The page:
‘I am not unmindful…’ rolled Dr King’s voice, a tone songful like a Welsh tenor but for the sadness and controlled anger that reined it in, ‘…that some of you have come here out of great trials and tribulations. Some of you have come fresh from narrow jail cells…’
On went the speech, to refer in harrowing detail to Mississippi, Alabama, Louisiana – each of the states we’d just been through. Mississippi, said that heavenly voice, was ‘sweltering with the heat of injustice’, while Alabama’s governor’s lips were ‘dripping with the words of interposition and nullification.’
And it got us. Quickly, too. As it would you, or anyone else who gives it a full run-through when you aren’t planning to.
I was choking up as he repeated ‘I have a dream’, and by the end bit when he yelled, ‘Thank God Almighty we are free at last’, his voice was consumed by rapturous applause and I was right at the edge. You don’t want to lose it in front of a mate when you’re meant to be on some bromance car journey, but Marc was right there too. But he knew what to do:
Marc simply returned the track to its start, and played the speech again.
This was when the first of the ‘coincidences’ happened. A sign dropped by to our left saying, ‘Museum of Civil Rights, next exit’.
‘Museum of Civil Rights?’ I repeated, first words by anyone living to be said for about half an hour (we’d been drifting in and out through the previous speeches).
‘Yeah, that’s what I thought it said too,’ Marc agreed.
‘That’s weird eh? Wonder if it’s an official one?’
‘What do you mean?’
‘Well, it’s a big country – could be anything?’
‘Dunno. Let’s go and see. Turn off, man.’
‘Okay,’ I agreed, and flicked the indicator on to show that we were about to disembark Interstate 55.
Off the freeway, the signs had disappeared straight away. We meandered along a winding riverside road, which presumably went around the outskirts of Memphis, and then pretty much gave up on the idea.
‘Oh well – now we know what Memphis looks like,’ I told Marc. ‘Let’s try and find the Interstate again, eh?’
‘Might as well – no sign of any museums.’
Using instinct alone, I started tracking back in the direction we’d come from, and before long we were caught by a weird no-turny, filter-lane-type situation and were stuck in downtown Memphis. A sports auditorium stood in front of us, and it was just after passing that that the signs cropped up again.
Museum of Civil Rights
Yep, they were official, City-sanctioned notices. This was somewhere real, somewhere endorsed – of that we were now sure.
Marc liked this development. ‘Go on – follow them. Let’s check it out,’ he said. ‘After listening to that speech, we have to.’
He had a point.
‘Okay,’ I said. ‘Keep your eyes peeled for another one.’
Two turnings later we saw what looked like the museum. A swollen, modern building with a parking lot out front. On its edge was a converted motel.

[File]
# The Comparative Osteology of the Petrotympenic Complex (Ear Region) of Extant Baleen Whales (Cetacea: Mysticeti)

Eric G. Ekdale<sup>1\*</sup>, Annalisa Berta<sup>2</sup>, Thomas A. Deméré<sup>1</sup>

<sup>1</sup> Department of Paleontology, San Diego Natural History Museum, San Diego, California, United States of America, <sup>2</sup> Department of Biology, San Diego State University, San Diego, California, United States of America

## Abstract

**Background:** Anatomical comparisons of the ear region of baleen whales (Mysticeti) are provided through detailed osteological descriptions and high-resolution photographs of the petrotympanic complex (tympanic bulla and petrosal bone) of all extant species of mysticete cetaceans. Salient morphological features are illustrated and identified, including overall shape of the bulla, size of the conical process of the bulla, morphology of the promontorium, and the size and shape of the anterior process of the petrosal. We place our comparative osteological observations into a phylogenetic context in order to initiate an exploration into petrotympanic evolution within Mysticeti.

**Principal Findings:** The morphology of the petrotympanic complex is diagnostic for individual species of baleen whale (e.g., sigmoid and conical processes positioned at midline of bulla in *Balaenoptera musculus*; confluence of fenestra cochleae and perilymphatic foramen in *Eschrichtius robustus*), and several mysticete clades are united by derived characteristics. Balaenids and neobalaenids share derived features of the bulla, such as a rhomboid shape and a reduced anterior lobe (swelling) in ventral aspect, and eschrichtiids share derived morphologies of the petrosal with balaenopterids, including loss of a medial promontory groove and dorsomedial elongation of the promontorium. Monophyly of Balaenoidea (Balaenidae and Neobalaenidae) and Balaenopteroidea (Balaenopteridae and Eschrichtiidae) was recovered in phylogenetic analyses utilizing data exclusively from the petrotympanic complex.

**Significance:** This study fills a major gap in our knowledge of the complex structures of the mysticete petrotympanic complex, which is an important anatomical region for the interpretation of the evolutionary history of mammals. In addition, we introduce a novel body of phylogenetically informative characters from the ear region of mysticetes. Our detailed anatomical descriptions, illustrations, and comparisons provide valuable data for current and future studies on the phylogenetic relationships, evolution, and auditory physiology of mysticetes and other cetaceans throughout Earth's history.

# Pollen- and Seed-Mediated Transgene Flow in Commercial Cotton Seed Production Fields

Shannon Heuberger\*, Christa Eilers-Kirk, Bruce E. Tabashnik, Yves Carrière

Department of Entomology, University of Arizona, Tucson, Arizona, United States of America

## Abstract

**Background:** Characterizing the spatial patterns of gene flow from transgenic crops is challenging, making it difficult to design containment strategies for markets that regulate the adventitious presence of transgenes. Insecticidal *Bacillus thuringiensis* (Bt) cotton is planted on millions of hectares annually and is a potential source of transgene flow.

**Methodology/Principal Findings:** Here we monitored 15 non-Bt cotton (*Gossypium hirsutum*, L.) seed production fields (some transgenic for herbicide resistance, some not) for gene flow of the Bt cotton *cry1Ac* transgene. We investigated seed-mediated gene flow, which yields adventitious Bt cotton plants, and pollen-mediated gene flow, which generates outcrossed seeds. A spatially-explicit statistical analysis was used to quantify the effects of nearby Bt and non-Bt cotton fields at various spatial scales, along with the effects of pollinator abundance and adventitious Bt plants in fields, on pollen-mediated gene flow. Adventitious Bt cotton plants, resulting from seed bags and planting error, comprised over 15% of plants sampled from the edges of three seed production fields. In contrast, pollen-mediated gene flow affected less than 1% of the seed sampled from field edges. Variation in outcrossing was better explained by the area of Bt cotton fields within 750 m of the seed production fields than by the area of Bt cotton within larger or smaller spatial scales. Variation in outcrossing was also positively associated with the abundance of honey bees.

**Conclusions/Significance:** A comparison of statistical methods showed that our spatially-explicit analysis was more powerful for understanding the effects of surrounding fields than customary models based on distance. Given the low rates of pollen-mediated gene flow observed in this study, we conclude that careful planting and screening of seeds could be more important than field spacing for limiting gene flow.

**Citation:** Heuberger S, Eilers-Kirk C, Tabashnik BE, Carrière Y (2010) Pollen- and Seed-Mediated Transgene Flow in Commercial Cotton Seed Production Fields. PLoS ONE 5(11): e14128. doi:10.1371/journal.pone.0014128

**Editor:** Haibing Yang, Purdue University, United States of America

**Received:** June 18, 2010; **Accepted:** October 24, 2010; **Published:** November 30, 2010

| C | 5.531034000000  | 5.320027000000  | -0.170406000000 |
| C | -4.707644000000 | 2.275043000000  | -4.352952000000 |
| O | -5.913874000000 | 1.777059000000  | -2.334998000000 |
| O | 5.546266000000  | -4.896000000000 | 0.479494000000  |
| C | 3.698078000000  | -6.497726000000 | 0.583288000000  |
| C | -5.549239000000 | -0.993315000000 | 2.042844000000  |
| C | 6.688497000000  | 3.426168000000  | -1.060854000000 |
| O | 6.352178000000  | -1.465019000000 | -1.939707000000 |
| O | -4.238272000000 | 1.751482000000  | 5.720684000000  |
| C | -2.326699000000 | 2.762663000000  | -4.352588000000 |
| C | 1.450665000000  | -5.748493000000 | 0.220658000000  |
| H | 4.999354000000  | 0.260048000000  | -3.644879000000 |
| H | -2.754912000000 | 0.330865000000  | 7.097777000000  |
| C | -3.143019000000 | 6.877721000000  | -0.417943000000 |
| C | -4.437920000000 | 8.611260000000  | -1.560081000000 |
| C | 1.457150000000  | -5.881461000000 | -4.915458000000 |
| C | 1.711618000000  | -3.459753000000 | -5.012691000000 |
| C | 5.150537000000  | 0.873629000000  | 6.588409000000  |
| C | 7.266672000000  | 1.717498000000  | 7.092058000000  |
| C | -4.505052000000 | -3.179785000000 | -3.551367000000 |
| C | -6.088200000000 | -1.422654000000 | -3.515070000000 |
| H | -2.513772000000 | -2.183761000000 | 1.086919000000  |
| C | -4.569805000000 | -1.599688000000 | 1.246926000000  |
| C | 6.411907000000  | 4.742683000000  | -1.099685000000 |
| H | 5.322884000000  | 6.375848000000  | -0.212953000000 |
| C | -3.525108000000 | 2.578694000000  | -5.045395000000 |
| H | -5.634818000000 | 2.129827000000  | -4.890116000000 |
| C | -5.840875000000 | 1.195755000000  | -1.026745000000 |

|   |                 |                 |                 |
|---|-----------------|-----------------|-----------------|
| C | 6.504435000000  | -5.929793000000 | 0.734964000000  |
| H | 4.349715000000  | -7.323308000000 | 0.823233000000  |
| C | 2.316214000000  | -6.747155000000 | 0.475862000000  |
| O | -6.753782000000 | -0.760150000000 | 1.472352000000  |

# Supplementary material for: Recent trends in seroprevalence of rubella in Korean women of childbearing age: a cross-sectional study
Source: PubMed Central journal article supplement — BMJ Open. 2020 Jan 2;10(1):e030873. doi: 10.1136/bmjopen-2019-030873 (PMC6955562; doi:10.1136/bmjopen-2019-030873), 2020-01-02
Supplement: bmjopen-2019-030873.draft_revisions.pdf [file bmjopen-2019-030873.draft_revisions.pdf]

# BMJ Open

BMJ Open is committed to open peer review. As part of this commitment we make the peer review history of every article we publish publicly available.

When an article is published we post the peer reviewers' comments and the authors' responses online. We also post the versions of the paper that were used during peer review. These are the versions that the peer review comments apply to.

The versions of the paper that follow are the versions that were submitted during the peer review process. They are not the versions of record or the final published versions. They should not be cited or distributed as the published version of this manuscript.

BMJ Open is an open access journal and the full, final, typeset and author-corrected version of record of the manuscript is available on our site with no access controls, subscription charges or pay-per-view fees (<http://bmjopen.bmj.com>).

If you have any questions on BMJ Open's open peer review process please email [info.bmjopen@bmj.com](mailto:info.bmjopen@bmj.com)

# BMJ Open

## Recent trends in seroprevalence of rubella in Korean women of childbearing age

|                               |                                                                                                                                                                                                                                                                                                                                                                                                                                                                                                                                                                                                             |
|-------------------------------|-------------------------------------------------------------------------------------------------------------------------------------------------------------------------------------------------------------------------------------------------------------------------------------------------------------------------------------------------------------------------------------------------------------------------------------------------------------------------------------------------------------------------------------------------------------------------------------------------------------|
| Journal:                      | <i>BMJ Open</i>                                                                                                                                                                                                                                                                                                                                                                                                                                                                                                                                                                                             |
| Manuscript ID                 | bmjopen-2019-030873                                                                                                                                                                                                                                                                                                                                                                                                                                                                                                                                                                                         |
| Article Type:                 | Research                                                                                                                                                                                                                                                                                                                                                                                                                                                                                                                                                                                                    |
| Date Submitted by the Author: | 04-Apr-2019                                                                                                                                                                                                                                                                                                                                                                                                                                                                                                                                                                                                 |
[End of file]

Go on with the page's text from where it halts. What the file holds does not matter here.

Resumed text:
The first thing my eyes noticed was a stall on the cross-roads just outside of the grounds. It was home to a lone female protester, a thin, striking-looking black lady who advertised with a running counter that she’d been camped out here for over a decade.
‘Jacqueline Smith: Campaigning for the truth.’ So ran her slogan, alongside a written request for people to think twice before going into the museum.
We went straight over to ask what this was about.
‘Sir – you go in there, you’re helping them propagate lies. Dr King would never have agreed to twenty million dollars being spent on something like that. He’d have wanted a refuge for the homeless instead. That place hides and helps the racism that’s still aaaaaall around us.’
The mention of the man behind the voice that had so held us just minutes ago went through me. And when I started browsing her brochures the guy was everywhere. Theories that Dr King had been killed by an organised conspiracy. Stuff you wouldn’t find in the museum over there. The truth. Stop the gentrification of this area, she begged:
‘I lived in the motel over there till they threw me out. We gotta make a homeless shelter instead of this museum and continue Dr King’s work. I bin here twenty-eight years and I ain’t goin anywhere. Even camped out here at night till they closed the restrooms.’
Obviously all of this was news to both Marc and I, who knew almost nothing about the circumstances surrounding Martin Luther King’s murder.
We’d soon learn a lot more, though.
The heat was killing me, so I needed to move. Ninety-eight in the shade – Ms Smith had a thermometer alongside the paraphernalia. Full of admiration, I thanked her for her kindness in talking to us, and moved towards the museum doors. She didn’t seem to mind – I got the feeling most people did just that after politely hearing her through.